While services for 600 soldiers were held at Verdun, across the sea at Lowrey Field just outside of Denver, a bigger crowd was expected. An Air Force base, Lowrey grew daily because of the necessity of training thousands of military personnel to handle the major air attack campaign of the United States. The number of Jewish pilots was not extremely high, but the number of ground crew and tower operators and reconstruction personnel rose into the thousands. It might be said that Lowrey was swarming with Jews.
Over 1,000 were expected to attend the Rosh Hashanah services, so an airplane hangar was designated as the locale for the prayers. In numbers that large, a cantor could be found, a Torah reader, a shofar blower and whatever else was required, the chaplain making all the preparations.

On the first morning of the holiday, almost 1,600 were in attendance.

The military photographers were out in droves to document the services both for the Army Times and for the Jewish Welfare Board. The services went well – the Torah reading brought honors to many soldiers – but everyone was waiting for the blowing of the shofar. Many had not heard those sounds since their childhood. Dressed in a well-pressed uniform, the shofar blower mounted the bima. Since he was a professional trumpet player, his performance provided a real concert.

The lasting memory of that service was a photograph taken of military personnel on the front row in the makeshift sanctuary. When the American Hebrew weekly published the picture on its cover, the faces of these young and eager Jews buoyed the spirit of all the Jews of the country.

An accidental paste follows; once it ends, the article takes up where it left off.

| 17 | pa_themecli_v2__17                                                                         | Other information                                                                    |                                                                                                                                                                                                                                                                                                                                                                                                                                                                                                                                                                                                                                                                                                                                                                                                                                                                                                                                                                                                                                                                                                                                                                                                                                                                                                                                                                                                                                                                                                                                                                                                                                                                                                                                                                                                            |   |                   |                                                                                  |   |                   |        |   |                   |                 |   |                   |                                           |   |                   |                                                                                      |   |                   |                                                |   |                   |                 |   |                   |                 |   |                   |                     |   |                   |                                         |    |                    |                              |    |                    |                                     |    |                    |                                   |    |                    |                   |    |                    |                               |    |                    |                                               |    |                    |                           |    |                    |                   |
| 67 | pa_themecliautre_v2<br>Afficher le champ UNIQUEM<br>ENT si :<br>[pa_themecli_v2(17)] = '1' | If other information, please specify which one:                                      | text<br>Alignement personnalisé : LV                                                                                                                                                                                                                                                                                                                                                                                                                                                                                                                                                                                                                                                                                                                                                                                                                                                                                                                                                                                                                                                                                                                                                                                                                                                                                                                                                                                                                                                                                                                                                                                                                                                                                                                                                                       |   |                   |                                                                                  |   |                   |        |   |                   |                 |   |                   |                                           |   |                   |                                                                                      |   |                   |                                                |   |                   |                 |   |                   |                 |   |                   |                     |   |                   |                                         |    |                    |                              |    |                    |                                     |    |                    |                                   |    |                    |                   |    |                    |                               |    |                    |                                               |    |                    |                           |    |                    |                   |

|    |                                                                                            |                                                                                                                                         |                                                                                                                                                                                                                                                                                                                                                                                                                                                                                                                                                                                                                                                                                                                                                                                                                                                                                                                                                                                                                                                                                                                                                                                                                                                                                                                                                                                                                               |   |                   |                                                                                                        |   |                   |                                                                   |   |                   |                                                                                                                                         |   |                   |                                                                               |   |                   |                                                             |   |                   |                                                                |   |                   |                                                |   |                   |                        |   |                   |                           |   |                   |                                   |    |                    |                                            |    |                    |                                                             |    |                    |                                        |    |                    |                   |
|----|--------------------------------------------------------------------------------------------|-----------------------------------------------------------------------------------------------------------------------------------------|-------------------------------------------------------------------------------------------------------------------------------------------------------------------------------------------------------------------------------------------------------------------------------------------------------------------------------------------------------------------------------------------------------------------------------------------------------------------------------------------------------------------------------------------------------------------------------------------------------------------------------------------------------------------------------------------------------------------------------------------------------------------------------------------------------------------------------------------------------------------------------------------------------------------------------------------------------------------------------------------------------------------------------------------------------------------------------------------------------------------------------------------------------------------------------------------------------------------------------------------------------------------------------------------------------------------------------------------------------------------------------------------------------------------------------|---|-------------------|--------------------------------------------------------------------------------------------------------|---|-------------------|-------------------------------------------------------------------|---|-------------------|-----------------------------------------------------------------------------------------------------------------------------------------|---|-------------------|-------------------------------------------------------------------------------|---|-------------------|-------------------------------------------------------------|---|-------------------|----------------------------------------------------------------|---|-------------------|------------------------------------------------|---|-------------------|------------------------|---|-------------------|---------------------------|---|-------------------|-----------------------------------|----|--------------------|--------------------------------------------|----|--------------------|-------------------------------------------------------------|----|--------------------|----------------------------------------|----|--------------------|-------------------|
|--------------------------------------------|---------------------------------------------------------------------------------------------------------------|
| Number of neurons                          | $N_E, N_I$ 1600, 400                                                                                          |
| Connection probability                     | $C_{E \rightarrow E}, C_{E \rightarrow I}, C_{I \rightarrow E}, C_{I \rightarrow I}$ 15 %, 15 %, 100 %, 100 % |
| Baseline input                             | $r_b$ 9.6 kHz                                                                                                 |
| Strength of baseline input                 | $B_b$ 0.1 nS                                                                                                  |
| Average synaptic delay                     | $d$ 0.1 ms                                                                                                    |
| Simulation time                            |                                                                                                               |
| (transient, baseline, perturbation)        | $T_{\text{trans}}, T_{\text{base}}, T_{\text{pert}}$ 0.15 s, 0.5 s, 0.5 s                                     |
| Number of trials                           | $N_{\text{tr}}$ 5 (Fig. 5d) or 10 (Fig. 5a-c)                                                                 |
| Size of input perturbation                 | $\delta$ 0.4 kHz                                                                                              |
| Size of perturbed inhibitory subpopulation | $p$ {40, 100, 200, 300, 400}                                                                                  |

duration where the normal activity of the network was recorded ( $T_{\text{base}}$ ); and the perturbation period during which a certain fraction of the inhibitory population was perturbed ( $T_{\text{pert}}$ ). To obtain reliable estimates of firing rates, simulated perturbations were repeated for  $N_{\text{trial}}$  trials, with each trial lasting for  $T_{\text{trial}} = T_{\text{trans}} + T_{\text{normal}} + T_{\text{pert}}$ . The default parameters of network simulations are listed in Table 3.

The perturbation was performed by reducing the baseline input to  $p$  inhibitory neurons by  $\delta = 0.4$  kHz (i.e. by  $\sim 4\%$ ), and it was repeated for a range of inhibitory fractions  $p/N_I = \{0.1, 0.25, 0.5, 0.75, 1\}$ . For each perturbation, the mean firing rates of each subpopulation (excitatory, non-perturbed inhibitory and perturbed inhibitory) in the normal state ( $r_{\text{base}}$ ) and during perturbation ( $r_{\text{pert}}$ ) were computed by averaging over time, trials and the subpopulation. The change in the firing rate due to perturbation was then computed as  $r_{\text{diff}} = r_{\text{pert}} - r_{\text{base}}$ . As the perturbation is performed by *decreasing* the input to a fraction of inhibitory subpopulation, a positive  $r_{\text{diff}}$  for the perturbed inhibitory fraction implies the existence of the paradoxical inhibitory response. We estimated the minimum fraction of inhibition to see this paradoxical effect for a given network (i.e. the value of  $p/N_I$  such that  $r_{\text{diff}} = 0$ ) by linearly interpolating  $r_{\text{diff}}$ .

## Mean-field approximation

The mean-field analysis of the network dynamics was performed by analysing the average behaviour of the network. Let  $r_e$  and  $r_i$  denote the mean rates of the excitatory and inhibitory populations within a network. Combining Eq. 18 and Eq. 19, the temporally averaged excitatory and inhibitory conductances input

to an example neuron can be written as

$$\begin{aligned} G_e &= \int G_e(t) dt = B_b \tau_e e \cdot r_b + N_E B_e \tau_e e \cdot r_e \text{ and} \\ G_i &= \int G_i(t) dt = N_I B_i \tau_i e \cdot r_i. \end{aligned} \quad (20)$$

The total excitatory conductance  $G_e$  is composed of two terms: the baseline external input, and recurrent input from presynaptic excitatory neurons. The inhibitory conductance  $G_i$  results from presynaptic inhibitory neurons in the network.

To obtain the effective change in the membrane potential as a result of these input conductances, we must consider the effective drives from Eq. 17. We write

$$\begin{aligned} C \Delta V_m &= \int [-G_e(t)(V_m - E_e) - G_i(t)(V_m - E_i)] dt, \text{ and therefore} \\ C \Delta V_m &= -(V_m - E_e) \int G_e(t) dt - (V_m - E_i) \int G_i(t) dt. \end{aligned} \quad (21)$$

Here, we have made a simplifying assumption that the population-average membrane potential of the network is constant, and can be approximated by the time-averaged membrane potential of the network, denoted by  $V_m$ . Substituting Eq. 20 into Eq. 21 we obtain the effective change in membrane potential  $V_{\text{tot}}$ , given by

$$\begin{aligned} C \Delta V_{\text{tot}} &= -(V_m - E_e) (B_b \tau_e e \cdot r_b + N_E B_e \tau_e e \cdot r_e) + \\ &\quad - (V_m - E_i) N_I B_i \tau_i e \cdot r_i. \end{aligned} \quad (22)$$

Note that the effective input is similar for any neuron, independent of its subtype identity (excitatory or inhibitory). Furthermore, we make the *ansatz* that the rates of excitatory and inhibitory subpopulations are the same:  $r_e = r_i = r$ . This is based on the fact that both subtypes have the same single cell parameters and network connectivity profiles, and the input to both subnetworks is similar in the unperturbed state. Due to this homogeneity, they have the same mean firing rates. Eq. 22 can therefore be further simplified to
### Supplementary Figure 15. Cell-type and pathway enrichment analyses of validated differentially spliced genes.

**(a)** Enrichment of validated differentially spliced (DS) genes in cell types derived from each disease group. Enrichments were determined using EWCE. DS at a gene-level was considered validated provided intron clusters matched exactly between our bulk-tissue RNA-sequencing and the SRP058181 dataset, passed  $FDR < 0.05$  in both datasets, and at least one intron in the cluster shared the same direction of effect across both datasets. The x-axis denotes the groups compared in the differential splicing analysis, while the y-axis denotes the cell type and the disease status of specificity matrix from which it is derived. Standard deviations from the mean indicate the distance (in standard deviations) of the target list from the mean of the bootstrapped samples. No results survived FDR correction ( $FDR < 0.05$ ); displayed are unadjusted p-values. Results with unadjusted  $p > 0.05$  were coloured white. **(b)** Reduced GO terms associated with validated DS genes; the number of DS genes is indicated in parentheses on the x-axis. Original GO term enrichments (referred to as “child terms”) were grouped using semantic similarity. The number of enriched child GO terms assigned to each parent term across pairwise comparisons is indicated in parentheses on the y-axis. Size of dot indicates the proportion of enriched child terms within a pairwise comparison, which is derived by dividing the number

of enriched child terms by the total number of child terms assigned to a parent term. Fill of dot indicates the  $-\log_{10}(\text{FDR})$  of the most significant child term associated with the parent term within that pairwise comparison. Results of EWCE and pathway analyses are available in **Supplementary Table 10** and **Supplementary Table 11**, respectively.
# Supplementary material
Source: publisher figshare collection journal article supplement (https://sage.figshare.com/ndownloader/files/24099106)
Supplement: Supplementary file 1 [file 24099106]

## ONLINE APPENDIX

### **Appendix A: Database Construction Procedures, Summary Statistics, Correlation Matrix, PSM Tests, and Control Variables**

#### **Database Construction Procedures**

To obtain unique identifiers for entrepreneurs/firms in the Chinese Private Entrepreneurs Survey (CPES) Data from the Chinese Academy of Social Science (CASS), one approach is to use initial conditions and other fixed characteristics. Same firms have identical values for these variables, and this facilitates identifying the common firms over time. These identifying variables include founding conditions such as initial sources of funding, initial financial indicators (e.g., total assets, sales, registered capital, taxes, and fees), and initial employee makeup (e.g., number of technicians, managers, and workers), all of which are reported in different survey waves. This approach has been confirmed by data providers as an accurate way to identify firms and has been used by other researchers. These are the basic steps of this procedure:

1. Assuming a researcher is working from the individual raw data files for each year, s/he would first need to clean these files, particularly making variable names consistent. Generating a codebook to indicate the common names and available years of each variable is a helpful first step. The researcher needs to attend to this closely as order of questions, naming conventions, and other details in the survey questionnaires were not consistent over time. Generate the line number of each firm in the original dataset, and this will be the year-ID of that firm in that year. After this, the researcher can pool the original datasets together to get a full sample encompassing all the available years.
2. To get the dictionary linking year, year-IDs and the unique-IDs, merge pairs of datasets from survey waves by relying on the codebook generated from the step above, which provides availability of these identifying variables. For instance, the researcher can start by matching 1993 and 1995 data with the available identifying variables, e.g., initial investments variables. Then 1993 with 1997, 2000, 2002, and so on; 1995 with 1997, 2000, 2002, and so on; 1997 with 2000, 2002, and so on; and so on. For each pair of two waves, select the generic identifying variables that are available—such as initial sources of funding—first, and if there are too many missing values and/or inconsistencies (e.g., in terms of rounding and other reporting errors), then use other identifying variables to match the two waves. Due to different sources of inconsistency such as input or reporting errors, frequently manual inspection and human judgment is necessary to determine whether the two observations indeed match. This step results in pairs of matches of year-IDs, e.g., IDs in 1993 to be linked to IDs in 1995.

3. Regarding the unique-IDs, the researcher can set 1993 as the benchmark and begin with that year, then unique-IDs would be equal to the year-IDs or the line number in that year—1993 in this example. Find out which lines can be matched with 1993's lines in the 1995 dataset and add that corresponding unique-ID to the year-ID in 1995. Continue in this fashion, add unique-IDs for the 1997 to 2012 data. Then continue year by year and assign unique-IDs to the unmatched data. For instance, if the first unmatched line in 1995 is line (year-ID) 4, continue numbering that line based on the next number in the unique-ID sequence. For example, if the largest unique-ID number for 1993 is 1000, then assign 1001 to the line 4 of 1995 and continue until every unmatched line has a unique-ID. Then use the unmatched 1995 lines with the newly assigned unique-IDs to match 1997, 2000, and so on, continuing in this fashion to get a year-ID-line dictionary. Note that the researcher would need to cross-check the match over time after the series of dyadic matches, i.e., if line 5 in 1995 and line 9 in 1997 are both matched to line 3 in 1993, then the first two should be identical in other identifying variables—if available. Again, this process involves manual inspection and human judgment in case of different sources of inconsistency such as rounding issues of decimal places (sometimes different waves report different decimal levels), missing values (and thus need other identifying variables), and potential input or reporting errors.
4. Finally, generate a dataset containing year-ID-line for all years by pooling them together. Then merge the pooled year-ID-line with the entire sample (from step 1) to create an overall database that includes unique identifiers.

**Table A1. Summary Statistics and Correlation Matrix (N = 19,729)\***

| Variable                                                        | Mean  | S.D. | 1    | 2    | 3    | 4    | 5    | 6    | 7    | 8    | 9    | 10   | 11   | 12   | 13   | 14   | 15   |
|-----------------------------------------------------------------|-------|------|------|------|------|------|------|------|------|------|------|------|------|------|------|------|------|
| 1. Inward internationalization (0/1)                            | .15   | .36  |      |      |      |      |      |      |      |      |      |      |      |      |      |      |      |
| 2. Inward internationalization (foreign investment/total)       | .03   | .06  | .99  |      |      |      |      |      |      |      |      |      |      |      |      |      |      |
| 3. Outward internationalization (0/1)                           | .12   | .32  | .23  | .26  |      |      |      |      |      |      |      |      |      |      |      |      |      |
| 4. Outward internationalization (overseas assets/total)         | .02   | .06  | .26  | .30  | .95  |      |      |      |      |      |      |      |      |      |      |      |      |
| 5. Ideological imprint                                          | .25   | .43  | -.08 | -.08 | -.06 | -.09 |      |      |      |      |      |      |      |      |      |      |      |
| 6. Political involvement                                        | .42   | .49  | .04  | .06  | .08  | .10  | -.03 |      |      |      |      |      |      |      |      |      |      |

IN AUGUST 1945, a few days after Rosh Hodesh, a plane flew over the Shangri-La valley in New Guinea and a Star of David was dropped to mark the final resting place of WAC Seargent Belle G. Nainer of New York City. She was one of eight WACs who lost their lives in a plane crash. Crosses were dropped for the seven others, and prayers were recited.

Readers Digest wrote the story of this group and it circulated throughout the world. Most of the 200,000 Jewish personnel from different branches of military, still on duty, had access to a Rosh Hashanah service in September 1945.

For my father, Colonel Louis Geffen, a judge advocate in the US Army since January 1941, the High Holidays posed a problem. Stationed at a base in Oakland when the atomic bombs were dropped, he received orders on August 9 that he would be sailing to ports unknown on the 29th of the month.

In the end he went first to the Philippines and then on to Japan to prosecute lower-level Japanese war criminals. Knowing he would be on the ship for Rosh Hashanah, my father tried to get some preliminary information as to what religious items might be available.
There would be no Jewish chaplain attached to the ship, but that was all anyone knew. Upon boarding the ship, he made contact with the Catholic chaplain, the only chaplain aboard, and together they hatched a plan for the next week until Erev Rosh Hashanah.